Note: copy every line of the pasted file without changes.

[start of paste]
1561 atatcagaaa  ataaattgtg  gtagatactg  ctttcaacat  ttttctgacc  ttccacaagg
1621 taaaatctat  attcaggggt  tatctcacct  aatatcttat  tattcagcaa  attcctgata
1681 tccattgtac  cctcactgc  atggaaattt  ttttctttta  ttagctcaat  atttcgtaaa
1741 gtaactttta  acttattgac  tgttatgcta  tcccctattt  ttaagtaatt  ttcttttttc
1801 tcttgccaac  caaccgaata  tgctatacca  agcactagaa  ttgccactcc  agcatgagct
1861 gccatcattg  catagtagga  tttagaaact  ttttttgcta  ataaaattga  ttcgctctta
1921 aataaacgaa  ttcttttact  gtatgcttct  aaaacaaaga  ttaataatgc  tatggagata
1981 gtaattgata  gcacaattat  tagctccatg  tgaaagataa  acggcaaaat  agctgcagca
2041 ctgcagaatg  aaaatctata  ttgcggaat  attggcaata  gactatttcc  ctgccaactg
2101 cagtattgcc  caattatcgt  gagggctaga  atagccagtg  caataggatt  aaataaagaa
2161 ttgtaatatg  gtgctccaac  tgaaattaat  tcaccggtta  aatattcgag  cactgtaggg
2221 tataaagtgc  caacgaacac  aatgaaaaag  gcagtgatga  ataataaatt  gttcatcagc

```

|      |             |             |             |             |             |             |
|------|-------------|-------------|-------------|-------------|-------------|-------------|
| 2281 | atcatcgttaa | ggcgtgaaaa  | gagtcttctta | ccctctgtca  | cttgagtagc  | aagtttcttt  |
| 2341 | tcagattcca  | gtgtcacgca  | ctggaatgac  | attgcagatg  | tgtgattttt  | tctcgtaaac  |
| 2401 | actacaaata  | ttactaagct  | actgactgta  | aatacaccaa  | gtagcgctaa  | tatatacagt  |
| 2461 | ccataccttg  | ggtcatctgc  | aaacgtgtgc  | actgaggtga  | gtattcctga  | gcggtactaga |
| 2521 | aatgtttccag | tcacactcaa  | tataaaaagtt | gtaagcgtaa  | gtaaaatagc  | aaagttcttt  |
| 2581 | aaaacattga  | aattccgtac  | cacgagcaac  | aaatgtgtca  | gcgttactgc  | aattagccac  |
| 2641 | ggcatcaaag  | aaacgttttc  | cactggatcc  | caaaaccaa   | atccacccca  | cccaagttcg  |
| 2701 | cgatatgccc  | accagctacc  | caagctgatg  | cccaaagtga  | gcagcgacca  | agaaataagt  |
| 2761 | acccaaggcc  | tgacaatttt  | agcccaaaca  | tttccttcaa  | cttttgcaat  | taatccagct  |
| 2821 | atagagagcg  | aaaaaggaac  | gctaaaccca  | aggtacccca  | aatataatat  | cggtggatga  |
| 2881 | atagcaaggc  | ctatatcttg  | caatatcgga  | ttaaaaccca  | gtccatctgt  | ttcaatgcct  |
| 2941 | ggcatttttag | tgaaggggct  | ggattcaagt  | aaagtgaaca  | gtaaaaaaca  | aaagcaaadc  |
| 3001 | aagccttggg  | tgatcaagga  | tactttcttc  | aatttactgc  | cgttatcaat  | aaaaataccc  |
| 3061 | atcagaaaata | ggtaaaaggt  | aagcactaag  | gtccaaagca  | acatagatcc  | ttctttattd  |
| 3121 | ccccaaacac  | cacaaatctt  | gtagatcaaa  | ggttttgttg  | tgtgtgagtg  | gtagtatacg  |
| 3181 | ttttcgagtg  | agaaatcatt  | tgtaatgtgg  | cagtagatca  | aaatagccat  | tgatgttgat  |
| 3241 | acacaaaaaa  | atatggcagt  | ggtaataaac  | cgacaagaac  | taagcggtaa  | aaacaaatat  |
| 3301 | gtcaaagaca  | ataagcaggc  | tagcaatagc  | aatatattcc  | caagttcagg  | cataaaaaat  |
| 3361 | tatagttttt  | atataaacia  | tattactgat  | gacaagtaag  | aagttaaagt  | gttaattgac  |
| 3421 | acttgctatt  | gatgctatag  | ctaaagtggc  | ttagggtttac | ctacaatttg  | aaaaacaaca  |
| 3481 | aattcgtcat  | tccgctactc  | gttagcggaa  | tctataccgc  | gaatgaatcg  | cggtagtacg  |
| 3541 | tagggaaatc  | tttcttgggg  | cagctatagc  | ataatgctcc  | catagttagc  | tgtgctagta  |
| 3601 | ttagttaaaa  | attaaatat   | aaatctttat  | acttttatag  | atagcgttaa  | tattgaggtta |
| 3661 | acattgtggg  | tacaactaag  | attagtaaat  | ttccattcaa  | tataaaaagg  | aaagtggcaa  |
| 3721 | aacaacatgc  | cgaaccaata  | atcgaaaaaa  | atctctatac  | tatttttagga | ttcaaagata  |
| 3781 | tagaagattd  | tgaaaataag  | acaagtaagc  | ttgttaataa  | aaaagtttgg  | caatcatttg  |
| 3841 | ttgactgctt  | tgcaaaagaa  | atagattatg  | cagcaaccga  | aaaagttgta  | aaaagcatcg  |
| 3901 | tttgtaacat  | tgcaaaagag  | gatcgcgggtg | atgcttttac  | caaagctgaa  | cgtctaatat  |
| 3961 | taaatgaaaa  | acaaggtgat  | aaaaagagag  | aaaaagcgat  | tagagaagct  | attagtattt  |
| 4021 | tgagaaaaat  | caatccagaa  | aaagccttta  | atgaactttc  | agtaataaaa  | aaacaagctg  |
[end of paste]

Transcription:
1561 atatcagaaa  ataaattgtg  gtagatactg  ctttcaacat  ttttctgacc  ttccacaagg
1621 taaaatctat  attcaggggt  tatctcacct  aatatcttat  tattcagcaa  attcctgata
1681 tccattgtac  cctcactgc  atggaaattt  ttttctttta  ttagctcaat  atttcgtaaa
1741 gtaactttta  acttattgac  tgttatgcta  tcccctattt  ttaagtaatt  ttcttttttc
1801 tcttgccaac  caaccgaata  tgctatacca  agcactagaa  ttgccactcc  agcatgagct
1861 gccatcattg  catagtagga  tttagaaact  ttttttgcta  ataaaattga  ttcgctctta
1921 aataaacgaa  ttcttttact  gtatgcttct  aaaacaaaga  ttaataatgc  tatggagata
1981 gtaattgata  gcacaattat  tagctccatg  tgaaagataa  acggcaaaat  agctgcagca
2041 ctgcagaatg  aaaatctata  ttgcggaat  attggcaata  gactatttcc  ctgccaactg
2101 cagtattgcc  caattatcgt  gagggctaga  atagccagtg  caataggatt  aaataaagaa
2161 ttgtaatatg  gtgctccaac  tgaaattaat  tcaccggtta  aatattcgag  cactgtaggg
2221 tataaagtgc  caacgaacac  aatgaaaaag  gcagtgatga  ataataaatt  gttcatcagc

```

|      |             |             |             |             |             |             |
|------|-------------|-------------|-------------|-------------|-------------|-------------|
| 2281 | atcatcgttaa | ggcgtgaaaa  | gagtcttctta | ccctctgtca  | cttgagtagc  | aagtttcttt  |
| 2341 | tcagattcca  | gtgtcacgca  | ctggaatgac  | attgcagatg  | tgtgattttt  | tctcgtaaac  |
| 2401 | actacaaata  | ttactaagct  | actgactgta  | aatacaccaa  | gtagcgctaa  | tatatacagt  |
| 2461 | ccataccttg  | ggtcatctgc  | aaacgtgtgc  | actgaggtga  | gtattcctga  | gcggtactaga |
| 2521 | aatgtttccag | tcacactcaa  | tataaaaagtt | gtaagcgtaa  | gtaaaatagc  | aaagttcttt  |
| 2581 | aaaacattga  | aattccgtac  | cacgagcaac  | aaatgtgtca  | gcgttactgc  | aattagccac  |
| 2641 | ggcatcaaag  | aaacgttttc  | cactggatcc  | caaaaccaa   | atccacccca  | cccaagttcg  |
| 2701 | cgatatgccc  | accagctacc  | caagctgatg  | cccaaagtga  | gcagcgacca  | agaaataagt  |
| 2761 | acccaaggcc  | tgacaatttt  | agcccaaaca  | tttccttcaa  | cttttgcaat  | taatccagct  |
| 2821 | atagagagcg  | aaaaaggaac  | gctaaaccca  | aggtacccca  | aatataatat  | cggtggatga  |
| 2881 | atagcaaggc  | ctatatcttg  | caatatcgga  | ttaaaaccca  | gtccatctgt  | ttcaatgcct  |
| 2941 | ggcatttttag | tgaaggggct  | ggattcaagt  | aaagtgaaca  | gtaaaaaaca  | aaagcaaadc  |
| 3001 | aagccttggg  | tgatcaagga  | tactttcttc  | aatttactgc  | cgttatcaat  | aaaaataccc  |
| 3061 | atcagaaaata | ggtaaaaggt  | aagcactaag  | gtccaaagca  | acatagatcc  | ttctttattd  |
| 3121 | ccccaaacac  | cacaaatctt  | gtagatcaaa  | ggttttgttg  | tgtgtgagtg  | gtagtatacg  |
| 3181 | ttttcgagtg  | agaaatcatt  | tgtaatgtgg  | cagtagatca  | aaatagccat  | tgatgttgat  |
| 3241 | acacaaaaaa  | atatggcagt  | ggtaataaac  | cgacaagaac  | taagcggtaa  | aaacaaatat  |
| 3301 | gtcaaagaca  | ataagcaggc  | tagcaatagc  | aatatattcc  | caagttcagg  | cataaaaaat  |
| 3361 | tatagttttt  | atataaacia  | tattactgat  | gacaagtaag  | aagttaaagt  | gttaattgac  |
| 3421 | acttgctatt  | gatgctatag  | ctaaagtggc  | ttagggtttac | ctacaatttg  | aaaaacaaca  |
| 3481 | aattcgtcat  | tccgctactc  | gttagcggaa  | tctataccgc  | gaatgaatcg  | cggtagtacg  |
| 3541 | tagggaaatc  | tttcttgggg  | cagctatagc  | ataatgctcc  | catagttagc  | tgtgctagta  |
| 3601 | ttagttaaaa  | attaaatat   | aaatctttat  | acttttatag  | atagcgttaa  | tattgaggtta |
| 3661 | acattgtggg  | tacaactaag  | attagtaaat  | ttccattcaa  | tataaaaagg  | aaagtggcaa  |
| 3721 | aacaacatgc  | cgaaccaata  | atcgaaaaaa  | atctctatac  | tatttttagga | ttcaaagata  |
| 3781 | tagaagattd  | tgaaaataag  | acaagtaagc  | ttgttaataa  | aaaagtttgg  | caatcatttg  |
| 3841 | ttgactgctt  | tgcaaaagaa  | atagattatg  | cagcaaccga  | aaaagttgta  | aaaagcatcg  |
| 3901 | tttgtaacat  | tgcaaaagag  | gatcgcgggtg | atgcttttac  | caaagctgaa  | cgtctaatat  |
| 3961 | taaatgaaaa  | acaaggtgat  | aaaaagagag  | aaaaagcgat  | tagagaagct  | attagtattt  |
| 4021 | tgagaaaaat  | caatccagaa  | aaagccttta  | atgaactttc  | agtaataaaa  | aaacaagctg  |